Everyone is talking about sustainability. Everything has to be ‘sustainable’, from our electricity, cars and clothes to our retirement savings. Granted; it is quite impressive that three Danish companies sit on the Top-6 Corporate Knight’s ranking of the world’s most sustainable companies. It leaves two questions that need answering. How do we ensure that the consumers recognize this effort? And how do we ensure that it is not just the large companies with powerful PR departments, who are celebrated for their efforts?
Three Danish companies earned a spot on Corporate Knights’ Top-6 Index of the world’s most sustainable corporations. Ørsted occupies the distinguished first-place, followed closely by, 2019’s sustainability ‘winner’, Chr. Hansen on second place. Truth be told, it is beneficial for everyone, not least the world’s climate, that the focus is upon sustainability. Nevertheless, Rome was, as you know, not built in a day.
Through my work with identity, business strategy and brand development, I am unfortunately experiencing, how it is becoming increasingly complex to successfully communicate sustainable initiatives. As of today, numerous labelling systems already exists, firstly to guide the eco-conscious consumer, but also to provide companies with an opportunity to be recognised for their sustainability efforts. This is also made evident through communication on packaging, commercials etc. In addition to the array of labels, which range from organic, fairtrade and animal welfare, the UN’s Sustainable Development Goals (SDG’s) also provide guidance, and should not be forgotten. The question however remains; how should the accomplishment of these efforts be communicated, so they are understood – while highlighting the fact that not only the large companies should be acknowledged for their achievements?
I encounter numerous companies, that in the pursuit of creating a sustainable organisation, commit themselves to an overwhelming amount of noteworthy initiatives. This results, more often than not, in a blurry and sometimes even unclear communication. The scenario is common and confirmed in MediaCom Denmark’s latest report on ‘Sustainable Brands’, in which it appears that; “more than half of all Danes lack transparency in which companies act and produce most sustainably”. One could thus argue (and fear), that large and resourceful companies, will be able to communicate strong messages, through well-constructed PR initiatives, creating a perceived idea of sustainability, despite possibly, in the large scale of things, actually being less sustainable.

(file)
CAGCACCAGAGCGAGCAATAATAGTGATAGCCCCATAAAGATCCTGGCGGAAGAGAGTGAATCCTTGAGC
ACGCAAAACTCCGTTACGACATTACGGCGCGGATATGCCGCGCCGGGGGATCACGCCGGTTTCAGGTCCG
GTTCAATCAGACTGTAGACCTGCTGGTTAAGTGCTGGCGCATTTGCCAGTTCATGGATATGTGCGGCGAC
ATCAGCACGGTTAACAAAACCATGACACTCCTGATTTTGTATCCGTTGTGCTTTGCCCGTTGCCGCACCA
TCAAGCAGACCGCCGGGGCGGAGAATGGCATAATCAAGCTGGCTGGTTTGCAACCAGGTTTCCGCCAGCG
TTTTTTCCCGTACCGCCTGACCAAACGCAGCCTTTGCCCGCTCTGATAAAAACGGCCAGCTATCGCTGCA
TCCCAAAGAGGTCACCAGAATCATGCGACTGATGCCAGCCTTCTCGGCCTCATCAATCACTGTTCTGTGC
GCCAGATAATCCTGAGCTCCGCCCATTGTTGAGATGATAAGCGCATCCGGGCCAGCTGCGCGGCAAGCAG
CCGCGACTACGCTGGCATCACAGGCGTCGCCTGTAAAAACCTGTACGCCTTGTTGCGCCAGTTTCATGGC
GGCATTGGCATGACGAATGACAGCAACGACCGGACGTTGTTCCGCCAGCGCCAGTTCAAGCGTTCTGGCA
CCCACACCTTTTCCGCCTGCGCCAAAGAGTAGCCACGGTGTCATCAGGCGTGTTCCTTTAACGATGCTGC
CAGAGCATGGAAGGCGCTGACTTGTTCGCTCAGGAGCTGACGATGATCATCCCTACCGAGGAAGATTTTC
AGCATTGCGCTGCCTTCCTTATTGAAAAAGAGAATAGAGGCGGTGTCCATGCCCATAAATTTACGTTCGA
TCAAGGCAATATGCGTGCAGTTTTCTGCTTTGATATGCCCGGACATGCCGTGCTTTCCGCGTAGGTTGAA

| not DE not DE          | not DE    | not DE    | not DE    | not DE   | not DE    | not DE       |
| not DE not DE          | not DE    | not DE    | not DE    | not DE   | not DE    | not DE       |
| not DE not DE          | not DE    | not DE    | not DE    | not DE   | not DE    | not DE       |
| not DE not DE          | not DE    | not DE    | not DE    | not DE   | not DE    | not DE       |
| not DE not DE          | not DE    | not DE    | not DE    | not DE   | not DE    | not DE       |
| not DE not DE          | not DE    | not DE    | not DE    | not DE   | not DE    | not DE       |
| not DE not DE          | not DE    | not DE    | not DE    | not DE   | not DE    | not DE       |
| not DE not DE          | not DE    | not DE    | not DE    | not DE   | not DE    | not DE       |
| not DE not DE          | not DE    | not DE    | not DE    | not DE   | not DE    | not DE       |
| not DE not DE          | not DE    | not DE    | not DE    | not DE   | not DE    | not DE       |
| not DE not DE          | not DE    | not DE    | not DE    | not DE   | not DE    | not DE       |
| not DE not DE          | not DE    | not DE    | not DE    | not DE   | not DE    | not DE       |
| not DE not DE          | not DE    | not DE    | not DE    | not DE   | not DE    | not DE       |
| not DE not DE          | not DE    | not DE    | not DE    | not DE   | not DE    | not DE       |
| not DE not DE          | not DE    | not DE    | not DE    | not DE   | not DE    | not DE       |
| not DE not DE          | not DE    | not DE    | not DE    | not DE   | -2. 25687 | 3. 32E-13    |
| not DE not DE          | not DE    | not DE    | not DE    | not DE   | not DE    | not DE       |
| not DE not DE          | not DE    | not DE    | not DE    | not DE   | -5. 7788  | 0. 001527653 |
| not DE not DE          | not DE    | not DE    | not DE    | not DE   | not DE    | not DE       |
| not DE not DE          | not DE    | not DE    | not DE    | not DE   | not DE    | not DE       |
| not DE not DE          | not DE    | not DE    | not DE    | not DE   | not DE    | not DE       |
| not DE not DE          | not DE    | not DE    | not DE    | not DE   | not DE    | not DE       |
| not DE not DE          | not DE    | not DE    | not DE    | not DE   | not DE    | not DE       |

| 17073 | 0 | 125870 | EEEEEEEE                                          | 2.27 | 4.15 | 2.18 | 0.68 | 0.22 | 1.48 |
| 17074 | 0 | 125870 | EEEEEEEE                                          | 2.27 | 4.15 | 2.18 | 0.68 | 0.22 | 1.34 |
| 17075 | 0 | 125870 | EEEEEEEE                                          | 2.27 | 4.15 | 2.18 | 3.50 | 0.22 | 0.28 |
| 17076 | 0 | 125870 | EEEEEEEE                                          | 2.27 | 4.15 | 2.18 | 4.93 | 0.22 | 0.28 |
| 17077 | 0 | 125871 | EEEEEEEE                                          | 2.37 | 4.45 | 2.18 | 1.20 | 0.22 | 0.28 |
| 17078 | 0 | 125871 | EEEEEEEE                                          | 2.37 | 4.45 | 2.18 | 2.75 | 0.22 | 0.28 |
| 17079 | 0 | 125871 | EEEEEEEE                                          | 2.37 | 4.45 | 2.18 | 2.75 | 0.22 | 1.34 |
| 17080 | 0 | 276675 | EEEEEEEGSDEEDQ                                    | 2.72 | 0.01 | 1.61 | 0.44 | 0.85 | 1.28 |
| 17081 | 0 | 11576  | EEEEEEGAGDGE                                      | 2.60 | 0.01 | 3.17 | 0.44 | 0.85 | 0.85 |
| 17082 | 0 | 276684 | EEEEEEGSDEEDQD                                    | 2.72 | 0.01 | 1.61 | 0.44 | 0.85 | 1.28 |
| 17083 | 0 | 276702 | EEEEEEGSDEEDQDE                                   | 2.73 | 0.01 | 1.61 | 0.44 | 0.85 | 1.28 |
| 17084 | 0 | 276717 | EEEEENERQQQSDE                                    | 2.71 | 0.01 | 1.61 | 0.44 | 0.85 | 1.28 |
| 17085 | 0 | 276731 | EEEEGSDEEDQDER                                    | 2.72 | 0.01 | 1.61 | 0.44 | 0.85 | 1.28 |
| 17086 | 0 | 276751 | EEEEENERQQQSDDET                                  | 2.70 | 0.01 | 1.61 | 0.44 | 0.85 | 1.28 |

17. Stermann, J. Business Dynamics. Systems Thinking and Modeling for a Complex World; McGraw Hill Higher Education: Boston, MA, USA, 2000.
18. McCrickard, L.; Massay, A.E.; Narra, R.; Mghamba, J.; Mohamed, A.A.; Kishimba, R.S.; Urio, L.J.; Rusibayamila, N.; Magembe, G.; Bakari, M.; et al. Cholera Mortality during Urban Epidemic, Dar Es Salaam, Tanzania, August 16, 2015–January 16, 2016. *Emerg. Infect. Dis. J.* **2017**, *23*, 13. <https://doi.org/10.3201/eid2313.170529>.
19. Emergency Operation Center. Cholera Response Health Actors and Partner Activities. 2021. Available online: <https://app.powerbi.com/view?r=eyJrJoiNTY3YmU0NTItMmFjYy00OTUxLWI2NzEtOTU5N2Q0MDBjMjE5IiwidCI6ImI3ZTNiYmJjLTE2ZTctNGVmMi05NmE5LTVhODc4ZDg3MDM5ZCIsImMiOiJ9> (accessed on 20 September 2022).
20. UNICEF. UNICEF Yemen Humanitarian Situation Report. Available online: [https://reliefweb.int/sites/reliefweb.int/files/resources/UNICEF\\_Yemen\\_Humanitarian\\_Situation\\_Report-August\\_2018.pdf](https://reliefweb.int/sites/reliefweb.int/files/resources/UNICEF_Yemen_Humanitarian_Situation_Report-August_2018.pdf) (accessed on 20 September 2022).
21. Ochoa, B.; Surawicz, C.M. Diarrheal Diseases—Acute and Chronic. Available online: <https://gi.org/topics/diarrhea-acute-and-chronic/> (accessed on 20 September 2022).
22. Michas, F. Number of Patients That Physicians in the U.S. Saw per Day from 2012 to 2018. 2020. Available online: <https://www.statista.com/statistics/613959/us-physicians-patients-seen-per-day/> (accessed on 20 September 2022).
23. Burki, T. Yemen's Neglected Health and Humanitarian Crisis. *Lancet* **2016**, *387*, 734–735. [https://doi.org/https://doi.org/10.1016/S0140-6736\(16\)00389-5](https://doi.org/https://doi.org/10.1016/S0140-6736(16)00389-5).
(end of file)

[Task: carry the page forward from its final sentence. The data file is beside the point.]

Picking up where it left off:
Purpose in the Name of Sustainability
A completely different debate, that I will not elaborate upon in lengths here, is the one on Purpose. Today, everyone needs a Purpose, or the so-called Why. These are concepts that in recent years have become increasingly widespread after Simon Sinek introduced them in his book ‘Start with Why’ in 2009. The concepts are a part of my daily work at IDna Group, where I meet an increasing amount of companies, that wish to place ‘Sustainability’ at the very core of their organisations – they wish to make it an integrated part of the company’s Purpose/Why. However, with this approach, we may have to make the alarm bells ring. Sustainability, placed within every company’s core, is not necessarily the right strategy for everyone. For DONG, it clearly was. They choose to go “all the way” – they committed to making sustainability their overarching goal and went “all in”. A change of name to Ørsted, while divesting certain business areas has resulted in a turn-around strategy that in a relatively short amount of time has created great results. This goes to show, that a true Purpose creates direction, and I firmly believe that Ørsted is a textbook example of the following; it truly pays off, when you have the gut to live your Purpose 100%.
As mentioned though, Ørsted’s approach is not suitable for everyone. Looking at Chr. Hansen, 2019’s most sustainable company, it is evident that they have chosen a different route. For Chr. Hansen, sustainability is not their ultimate Purpose/Why, but instead one of their How’s – the approach to how they pursue their purpose.
As a company, organisation or brand, one has to consider, to what extent sustainability should and ought to steer the direction. For some, it should possibly be at the core for a period of time, to be followed by new and perhaps, at that time, more urgent and relevant agendas. This is viewed increasingly important, in a near future, where ‘Sustainability’ turns into pure compliance – not a competitive advantage, but simply a competitive requirement if you will.
“Sustainability always means better. Better for the planet, better for the people, and better for the long-term health of the global economy.”
Don’t get me wrong – I am a loyal advocate of committing to and working towards becoming a truly sustainable business, and I am deeply concerned over those companies, that still has not taken an active stance on the matter. That being said, I believe that companies, organisations and brands, should pay special attention to bringing a clear-cut message across, enabling easier decoding for the individual consumer – without it being at the expense of the sustainability effort itself. As Euromonitor International puts forward in their report ‘How to be a sustainable brand’; “Sustainability always means better. Better for the planet, better for the people, and better for the long-term health of the global economy.”
Therefore, dear companies, organisations and brands. How do we ensure that sustainability enters the top of your agendas, acting to create real change while enabling your core target group to understand the true value behind your efforts? – These are questions I am looking forward to following and engage in myself in the future.
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